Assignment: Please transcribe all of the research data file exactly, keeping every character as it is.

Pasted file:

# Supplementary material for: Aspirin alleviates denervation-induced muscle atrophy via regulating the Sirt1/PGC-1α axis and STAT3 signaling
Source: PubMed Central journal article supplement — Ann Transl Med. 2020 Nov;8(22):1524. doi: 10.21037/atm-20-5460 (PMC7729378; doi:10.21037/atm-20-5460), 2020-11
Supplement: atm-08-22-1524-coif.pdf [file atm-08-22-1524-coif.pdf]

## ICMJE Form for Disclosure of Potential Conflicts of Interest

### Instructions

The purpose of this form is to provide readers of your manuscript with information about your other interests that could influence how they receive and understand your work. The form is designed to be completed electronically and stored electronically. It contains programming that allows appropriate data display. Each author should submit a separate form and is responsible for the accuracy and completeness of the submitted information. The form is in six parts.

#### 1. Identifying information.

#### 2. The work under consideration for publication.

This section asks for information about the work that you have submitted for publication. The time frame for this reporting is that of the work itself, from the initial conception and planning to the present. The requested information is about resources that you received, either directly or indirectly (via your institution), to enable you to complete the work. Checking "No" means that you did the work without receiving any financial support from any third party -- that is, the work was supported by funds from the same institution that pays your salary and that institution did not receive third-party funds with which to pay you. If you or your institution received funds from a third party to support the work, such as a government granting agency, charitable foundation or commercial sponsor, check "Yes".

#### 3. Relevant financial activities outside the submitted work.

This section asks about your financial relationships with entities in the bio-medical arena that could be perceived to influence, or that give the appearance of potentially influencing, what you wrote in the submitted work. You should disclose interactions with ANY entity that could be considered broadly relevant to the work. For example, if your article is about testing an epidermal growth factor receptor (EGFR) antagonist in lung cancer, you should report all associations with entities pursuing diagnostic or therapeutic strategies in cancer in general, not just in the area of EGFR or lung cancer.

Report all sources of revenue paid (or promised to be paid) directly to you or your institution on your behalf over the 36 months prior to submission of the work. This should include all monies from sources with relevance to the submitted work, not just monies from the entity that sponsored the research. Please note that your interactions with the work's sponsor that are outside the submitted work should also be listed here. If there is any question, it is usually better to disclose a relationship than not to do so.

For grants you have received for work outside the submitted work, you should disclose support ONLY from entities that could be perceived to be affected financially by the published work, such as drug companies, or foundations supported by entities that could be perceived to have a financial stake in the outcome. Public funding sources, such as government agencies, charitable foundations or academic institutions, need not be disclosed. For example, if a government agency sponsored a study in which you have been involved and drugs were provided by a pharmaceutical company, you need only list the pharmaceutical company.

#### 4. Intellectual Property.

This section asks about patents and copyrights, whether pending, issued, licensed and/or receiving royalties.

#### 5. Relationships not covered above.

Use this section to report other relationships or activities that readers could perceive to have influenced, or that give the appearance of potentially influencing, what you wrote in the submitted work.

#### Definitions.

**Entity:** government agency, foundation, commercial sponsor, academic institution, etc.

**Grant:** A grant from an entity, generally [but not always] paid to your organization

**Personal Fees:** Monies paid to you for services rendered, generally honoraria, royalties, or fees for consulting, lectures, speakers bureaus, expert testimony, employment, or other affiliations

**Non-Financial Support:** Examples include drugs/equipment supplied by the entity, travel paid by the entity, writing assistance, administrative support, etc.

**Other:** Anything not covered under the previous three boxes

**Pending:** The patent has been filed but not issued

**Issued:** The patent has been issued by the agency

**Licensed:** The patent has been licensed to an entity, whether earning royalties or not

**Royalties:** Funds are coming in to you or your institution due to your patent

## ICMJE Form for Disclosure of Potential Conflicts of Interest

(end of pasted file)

# Supplementary material for: Aspirin alleviates denervation-induced muscle atrophy via regulating the Sirt1/PGC-1α axis and STAT3 signaling
Source: PubMed Central journal article supplement — Ann Transl Med. 2020 Nov;8(22):1524. doi: 10.21037/atm-20-5460 (PMC7729378; doi:10.21037/atm-20-5460), 2020-11
Supplement: atm-08-22-1524-coif.pdf [file atm-08-22-1524-coif.pdf]

## ICMJE Form for Disclosure of Potential Conflicts of Interest

### Instructions

The purpose of this form is to provide readers of your manuscript with information about your other interests that could influence how they receive and understand your work. The form is designed to be completed electronically and stored electronically. It contains programming that allows appropriate data display. Each author should submit a separate form and is responsible for the accuracy and completeness of the submitted information. The form is in six parts.

#### 1. Identifying information.

#### 2. The work under consideration for publication.

This section asks for information about the work that you have submitted for publication. The time frame for this reporting is that of the work itself, from the initial conception and planning to the present. The requested information is about resources that you received, either directly or indirectly (via your institution), to enable you to complete the work. Checking "No" means that you did the work without receiving any financial support from any third party -- that is, the work was supported by funds from the same institution that pays your salary and that institution did not receive third-party funds with which to pay you. If you or your institution received funds from a third party to support the work, such as a government granting agency, charitable foundation or commercial sponsor, check "Yes".

#### 3. Relevant financial activities outside the submitted work.

This section asks about your financial relationships with entities in the bio-medical arena that could be perceived to influence, or that give the appearance of potentially influencing, what you wrote in the submitted work. You should disclose interactions with ANY entity that could be considered broadly relevant to the work. For example, if your article is about testing an epidermal growth factor receptor (EGFR) antagonist in lung cancer, you should report all associations with entities pursuing diagnostic or therapeutic strategies in cancer in general, not just in the area of EGFR or lung cancer.

Report all sources of revenue paid (or promised to be paid) directly to you or your institution on your behalf over the 36 months prior to submission of the work. This should include all monies from sources with relevance to the submitted work, not just monies from the entity that sponsored the research. Please note that your interactions with the work's sponsor that are outside the submitted work should also be listed here. If there is any question, it is usually better to disclose a relationship than not to do so.

For grants you have received for work outside the submitted work, you should disclose support ONLY from entities that could be perceived to be affected financially by the published work, such as drug companies, or foundations supported by entities that could be perceived to have a financial stake in the outcome. Public funding sources, such as government agencies, charitable foundations or academic institutions, need not be disclosed. For example, if a government agency sponsored a study in which you have been involved and drugs were provided by a pharmaceutical company, you need only list the pharmaceutical company.

#### 4. Intellectual Property.

This section asks about patents and copyrights, whether pending, issued, licensed and/or receiving royalties.

#### 5. Relationships not covered above.

Use this section to report other relationships or activities that readers could perceive to have influenced, or that give the appearance of potentially influencing, what you wrote in the submitted work.

#### Definitions.

**Entity:** government agency, foundation, commercial sponsor, academic institution, etc.

**Grant:** A grant from an entity, generally [but not always] paid to your organization

**Personal Fees:** Monies paid to you for services rendered, generally honoraria, royalties, or fees for consulting, lectures, speakers bureaus, expert testimony, employment, or other affiliations

**Non-Financial Support:** Examples include drugs/equipment supplied by the entity, travel paid by the entity, writing assistance, administrative support, etc.

**Other:** Anything not covered under the previous three boxes

**Pending:** The patent has been filed but not issued

**Issued:** The patent has been issued by the agency

**Licensed:** The patent has been licensed to an entity, whether earning royalties or not

**Royalties:** Funds are coming in to you or your institution due to your patent

## ICMJE Form for Disclosure of Potential Conflicts of Interest